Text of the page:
The Indian monsoon arrived on the coast of Kerala on June 8, more than a week later than normal and the southern part of the country received its lowest June rainfall in 122 years—88.6 mm—which was 45% less than the normal between 1971 and 2020. However, the monsoon has made quick progress and has now covered the entire country. While rainfall was 10% below average during June, in July it could be 100 to 106% of the long-period average. The IMD has forecast an average amount of rainfall for the entire four-month season, despite the formation of an El Nino weather pattern. Normal to above normal rainfall in most parts of central India and adjoining south peninsular and east India and some areas of northeast and northwest India is expected. Despite the promise of an abundant monsoon season, the progress so far has been a cause of concern as it has been marked by a litany of extreme weather events, including heatwaves, extremely severe cyclone Biparjoy, floods in Northeast India, flash floods and landslides in Himachal Pradesh and Uttarakhand, and torrential rains in Delhi.
Earth records hottest day third time in a week, worst yet to come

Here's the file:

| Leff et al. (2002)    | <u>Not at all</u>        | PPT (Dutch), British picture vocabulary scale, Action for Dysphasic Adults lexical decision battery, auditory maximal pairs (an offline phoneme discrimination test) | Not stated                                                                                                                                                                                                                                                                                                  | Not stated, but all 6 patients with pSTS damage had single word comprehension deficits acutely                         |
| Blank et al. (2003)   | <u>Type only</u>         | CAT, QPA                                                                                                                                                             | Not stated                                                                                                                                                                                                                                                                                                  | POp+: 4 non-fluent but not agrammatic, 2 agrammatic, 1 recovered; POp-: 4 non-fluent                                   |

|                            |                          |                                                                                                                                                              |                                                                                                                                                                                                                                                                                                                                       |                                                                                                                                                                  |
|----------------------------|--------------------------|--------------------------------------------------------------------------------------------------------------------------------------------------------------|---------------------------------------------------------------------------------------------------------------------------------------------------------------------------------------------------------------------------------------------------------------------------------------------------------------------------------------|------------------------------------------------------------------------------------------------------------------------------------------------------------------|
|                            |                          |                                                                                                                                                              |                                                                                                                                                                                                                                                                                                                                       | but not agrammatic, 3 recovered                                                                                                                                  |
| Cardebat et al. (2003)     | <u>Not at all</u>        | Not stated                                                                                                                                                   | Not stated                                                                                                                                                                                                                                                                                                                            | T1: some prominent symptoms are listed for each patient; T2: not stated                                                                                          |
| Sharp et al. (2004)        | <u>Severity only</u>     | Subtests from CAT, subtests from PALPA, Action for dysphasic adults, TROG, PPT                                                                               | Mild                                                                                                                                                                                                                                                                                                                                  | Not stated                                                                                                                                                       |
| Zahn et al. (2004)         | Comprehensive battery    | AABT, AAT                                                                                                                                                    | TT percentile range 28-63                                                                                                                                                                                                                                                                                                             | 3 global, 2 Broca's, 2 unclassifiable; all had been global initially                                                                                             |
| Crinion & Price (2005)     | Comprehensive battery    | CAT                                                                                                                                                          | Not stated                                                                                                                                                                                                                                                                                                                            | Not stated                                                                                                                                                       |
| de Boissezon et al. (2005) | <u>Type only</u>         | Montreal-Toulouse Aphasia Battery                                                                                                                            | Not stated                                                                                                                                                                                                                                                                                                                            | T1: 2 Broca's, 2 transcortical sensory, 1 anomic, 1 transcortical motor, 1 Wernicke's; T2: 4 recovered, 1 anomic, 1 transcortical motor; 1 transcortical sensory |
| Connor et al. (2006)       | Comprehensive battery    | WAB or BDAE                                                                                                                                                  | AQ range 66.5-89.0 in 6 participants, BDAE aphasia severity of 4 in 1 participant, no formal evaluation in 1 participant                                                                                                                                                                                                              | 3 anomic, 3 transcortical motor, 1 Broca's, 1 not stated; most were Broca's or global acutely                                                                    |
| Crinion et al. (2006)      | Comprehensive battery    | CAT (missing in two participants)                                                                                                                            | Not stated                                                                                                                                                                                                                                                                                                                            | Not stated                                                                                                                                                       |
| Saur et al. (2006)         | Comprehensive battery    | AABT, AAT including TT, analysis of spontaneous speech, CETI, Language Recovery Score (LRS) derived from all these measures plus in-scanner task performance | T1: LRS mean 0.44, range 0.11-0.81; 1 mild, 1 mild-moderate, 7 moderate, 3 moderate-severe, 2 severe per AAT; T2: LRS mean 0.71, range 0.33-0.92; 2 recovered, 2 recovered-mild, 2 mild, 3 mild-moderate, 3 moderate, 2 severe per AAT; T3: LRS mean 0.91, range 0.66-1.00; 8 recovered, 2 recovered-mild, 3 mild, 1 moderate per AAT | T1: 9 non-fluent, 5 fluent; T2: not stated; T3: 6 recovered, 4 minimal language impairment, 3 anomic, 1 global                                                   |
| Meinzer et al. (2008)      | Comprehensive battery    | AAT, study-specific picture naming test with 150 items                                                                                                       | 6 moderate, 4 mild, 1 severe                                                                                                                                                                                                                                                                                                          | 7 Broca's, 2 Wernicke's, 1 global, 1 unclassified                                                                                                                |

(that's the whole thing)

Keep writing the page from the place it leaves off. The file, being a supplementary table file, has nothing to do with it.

On July 3, the world’s average temperature climbed to its highest level since records began in 1979. According to data by US researchers, the global average air temperature was the highest ever recorded at 17.01°C based on various datasets they analysed. However, the record lasted only for a day as it was broken again on July 4 (17.18°C) and July 6 (17.23°C), deepening fears about the far-reaching effects taking place in Earth’s system because of the climate emergency. Scientists believe this is driven by the combination of El Niño and global warming, and the world may see even warmer days over the next few months.
Climate change indicators: Orchids are blooming earlier than usual in northeast India
The blooming cycle of the foxtail orchid in Assam is traditionally associated with the Assamese new year in April, signifying the arrival of spring. But changing climatic conditions have resulted in premature flowering and wilting of the orchid species in March itself. Identified as one of the most climate change-vulnerable regions in the Indian Himalayan region, higher temperatures and lesser rainfall have already impacted Assam’s water resources, agriculture, forests, and unique biodiversity, including its rich orchid population of 411 recorded species, raising concerns about its survival and potential loss.